A contractor’s relationship with its insurance company can be precarious, and when it comes time to file a claim, you don’t want any surprises. Incomplete coverage can be costly, a lesson recently learned by general contractor Elite Homes. In a case decided just three months prior, Pavarini Construction Company faced a similar situation with a dramatically different outcome.
Insurance Done Right
Pavarini Construction Company, working as general contractor for a for a condominium project, hired subcontractors and suppliers to complete work on masonry walls and to reinforce steel supports. The work completed by the subcontractors was sub-par and led to serious damage to the building. Pavarini repaired the faulty work, and in doing so incurred costs to the tune of $25M. When Pavarini filed claims with its insurers, American Home Assurance Company and ACE American Insurance Company, coverage was denied. ACE did eventually pay $2M in claims, however.
Pavarini brought an action against the insurers, claiming that it was entitled to damages in the amount of the repair work done to the building.
The court agreed with Pavarini, citing that the defective work by the contractors was protected by its CGL policy. While “your work” was excluded from coverage, work provided by subcontractors was an exception to the exclusion.
Insurance Done Wrong
Elite Homes was hired as general contractor to complete a single family home in Jacksonville, Florida. The subcontractor Elite hired to complete windows on the home did shoddy work, producing defective windows which led to water intrusion and damage to the home. The property owner sued Elite for damage to the structure of the house. When Elite tendered a claim to its insurer, Auto-Owners Insurance, the insurer claimed it had no duty to defend against the homeowner’s claims.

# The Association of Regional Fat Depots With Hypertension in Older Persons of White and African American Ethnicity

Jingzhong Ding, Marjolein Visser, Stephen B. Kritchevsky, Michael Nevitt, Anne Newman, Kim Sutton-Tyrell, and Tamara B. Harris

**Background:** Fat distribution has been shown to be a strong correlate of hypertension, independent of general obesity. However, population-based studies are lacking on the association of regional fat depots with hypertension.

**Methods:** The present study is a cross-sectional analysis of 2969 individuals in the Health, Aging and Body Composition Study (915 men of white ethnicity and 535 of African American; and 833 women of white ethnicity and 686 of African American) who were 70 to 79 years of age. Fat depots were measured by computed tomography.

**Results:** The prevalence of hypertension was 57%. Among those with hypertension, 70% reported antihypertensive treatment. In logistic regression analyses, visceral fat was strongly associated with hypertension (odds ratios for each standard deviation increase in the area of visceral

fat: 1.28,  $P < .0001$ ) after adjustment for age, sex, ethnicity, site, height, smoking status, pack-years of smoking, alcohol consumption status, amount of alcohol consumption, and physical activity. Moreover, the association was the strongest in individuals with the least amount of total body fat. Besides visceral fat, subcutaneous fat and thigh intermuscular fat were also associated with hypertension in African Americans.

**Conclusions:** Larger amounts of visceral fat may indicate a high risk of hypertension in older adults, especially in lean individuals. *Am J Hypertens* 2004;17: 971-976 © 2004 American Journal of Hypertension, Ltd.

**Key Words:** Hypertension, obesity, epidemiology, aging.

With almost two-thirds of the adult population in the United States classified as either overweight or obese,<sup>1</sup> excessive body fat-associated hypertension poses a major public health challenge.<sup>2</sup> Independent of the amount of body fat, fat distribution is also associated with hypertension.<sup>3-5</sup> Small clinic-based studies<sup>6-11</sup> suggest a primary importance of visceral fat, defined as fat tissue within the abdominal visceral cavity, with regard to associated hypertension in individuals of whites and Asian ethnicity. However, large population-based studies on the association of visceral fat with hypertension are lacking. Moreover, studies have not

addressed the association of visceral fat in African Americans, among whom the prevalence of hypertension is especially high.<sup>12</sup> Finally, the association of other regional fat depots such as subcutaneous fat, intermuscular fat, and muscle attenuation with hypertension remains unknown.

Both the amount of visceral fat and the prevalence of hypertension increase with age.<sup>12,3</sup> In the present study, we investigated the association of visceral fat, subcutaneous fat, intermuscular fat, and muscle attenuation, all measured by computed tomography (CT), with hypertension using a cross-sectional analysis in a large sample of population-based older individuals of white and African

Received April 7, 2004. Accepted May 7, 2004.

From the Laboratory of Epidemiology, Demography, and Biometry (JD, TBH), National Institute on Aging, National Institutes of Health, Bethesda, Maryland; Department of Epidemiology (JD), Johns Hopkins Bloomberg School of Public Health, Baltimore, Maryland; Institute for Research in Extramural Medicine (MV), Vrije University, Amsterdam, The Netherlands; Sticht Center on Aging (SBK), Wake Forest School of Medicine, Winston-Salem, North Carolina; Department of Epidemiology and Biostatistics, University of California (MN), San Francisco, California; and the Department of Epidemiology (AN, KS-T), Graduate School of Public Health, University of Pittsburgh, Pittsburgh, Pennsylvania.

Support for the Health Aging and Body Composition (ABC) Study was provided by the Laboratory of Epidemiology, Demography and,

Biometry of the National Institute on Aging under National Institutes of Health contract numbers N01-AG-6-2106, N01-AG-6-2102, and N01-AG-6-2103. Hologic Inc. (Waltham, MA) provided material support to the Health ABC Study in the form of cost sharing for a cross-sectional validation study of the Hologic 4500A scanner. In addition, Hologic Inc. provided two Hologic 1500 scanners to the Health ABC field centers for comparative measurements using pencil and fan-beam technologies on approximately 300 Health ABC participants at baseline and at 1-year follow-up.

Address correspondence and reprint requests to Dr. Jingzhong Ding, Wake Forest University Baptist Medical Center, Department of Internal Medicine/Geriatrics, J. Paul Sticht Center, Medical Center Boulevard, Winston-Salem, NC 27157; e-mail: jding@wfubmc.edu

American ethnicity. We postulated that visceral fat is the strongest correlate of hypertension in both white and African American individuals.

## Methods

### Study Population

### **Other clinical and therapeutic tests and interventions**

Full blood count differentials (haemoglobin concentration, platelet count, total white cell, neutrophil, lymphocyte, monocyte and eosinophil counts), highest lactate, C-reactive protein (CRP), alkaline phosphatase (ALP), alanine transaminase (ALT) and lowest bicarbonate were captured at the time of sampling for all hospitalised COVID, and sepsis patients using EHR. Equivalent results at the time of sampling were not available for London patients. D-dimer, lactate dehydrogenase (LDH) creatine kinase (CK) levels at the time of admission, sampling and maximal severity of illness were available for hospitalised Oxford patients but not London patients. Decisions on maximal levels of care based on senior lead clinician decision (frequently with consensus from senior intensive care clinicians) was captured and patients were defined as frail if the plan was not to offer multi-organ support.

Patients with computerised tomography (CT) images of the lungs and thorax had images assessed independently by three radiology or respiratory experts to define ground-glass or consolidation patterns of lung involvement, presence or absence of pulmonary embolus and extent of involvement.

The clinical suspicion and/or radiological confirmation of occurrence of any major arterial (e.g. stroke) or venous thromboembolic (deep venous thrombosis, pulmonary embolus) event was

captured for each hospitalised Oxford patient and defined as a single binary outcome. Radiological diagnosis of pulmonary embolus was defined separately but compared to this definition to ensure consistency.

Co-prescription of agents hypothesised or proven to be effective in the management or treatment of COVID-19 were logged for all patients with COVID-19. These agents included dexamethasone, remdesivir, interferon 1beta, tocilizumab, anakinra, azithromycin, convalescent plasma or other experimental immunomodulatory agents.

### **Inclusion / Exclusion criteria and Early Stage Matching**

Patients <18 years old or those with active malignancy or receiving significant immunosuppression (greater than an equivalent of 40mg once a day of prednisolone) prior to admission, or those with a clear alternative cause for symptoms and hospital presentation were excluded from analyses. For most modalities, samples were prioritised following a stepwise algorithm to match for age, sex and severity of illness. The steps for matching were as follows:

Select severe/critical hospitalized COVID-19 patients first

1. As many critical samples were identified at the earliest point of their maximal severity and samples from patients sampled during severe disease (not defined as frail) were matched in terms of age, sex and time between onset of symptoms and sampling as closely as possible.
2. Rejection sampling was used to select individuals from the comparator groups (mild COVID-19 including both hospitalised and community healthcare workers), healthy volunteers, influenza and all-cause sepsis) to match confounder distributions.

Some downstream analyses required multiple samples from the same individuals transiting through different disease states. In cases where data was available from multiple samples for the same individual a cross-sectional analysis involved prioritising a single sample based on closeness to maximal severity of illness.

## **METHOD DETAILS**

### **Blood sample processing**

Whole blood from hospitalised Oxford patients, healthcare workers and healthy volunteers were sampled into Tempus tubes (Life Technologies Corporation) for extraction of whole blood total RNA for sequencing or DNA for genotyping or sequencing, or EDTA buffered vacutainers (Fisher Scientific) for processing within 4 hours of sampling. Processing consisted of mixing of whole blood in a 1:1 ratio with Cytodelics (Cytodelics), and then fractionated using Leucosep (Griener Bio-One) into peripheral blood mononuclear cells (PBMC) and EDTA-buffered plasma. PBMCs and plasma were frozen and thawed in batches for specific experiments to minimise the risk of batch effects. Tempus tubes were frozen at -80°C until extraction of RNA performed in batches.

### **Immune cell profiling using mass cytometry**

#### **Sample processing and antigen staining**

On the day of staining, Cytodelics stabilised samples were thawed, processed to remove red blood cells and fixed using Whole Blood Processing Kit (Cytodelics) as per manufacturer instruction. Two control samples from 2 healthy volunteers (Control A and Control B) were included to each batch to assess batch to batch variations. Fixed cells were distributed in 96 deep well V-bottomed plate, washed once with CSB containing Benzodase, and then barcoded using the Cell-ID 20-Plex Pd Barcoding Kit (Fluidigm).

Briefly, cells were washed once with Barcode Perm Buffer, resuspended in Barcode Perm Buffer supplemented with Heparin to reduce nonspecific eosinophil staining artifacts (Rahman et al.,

Elite filed suit against the insurer claiming Auto-Owners did in fact owe Elite a duty to defend.
The court found in favor of Auto-Owners. Though the damage to the property was caused by defective work performed by the subcontractor, which is covered by standard form CGL policies in Florida, Elite’s policy with Auto-Owners did not provide for coverage.
The policy Elite held with Auto-Owners differed from the standard form in that Elite did not have an exception for work done by subcontractors to the “your work” exclusion. Simply put, while general contractors are not insured in the event they produce faulty work, they are typically insured against deficient work of their subcontractors. Had Elite required the subcontractor exception in its CGL policy, it could have avoided the cost and headache of litigation.
Pay close attention to your CGL policy. It can be boring and tedious work, but the repercussions of signing a policy you are unfamiliar with can be costly. Courts tend to favor insureds when there is ambiguity regarding coverage, but clear language within the policy is tough to overcome. Standard CGL policies in Florida offer exclusions for “your work,” but an exception regarding work done by subcontractors is also a part of the standard form. Here, because Elite Homes did not obtain proper exceptions to the “your work” exclusion, it opened itself up to liability for any defective work from a subcontractor. Pavarini Construction had adequate protection under its CGL policy, and it was entitled to full protection.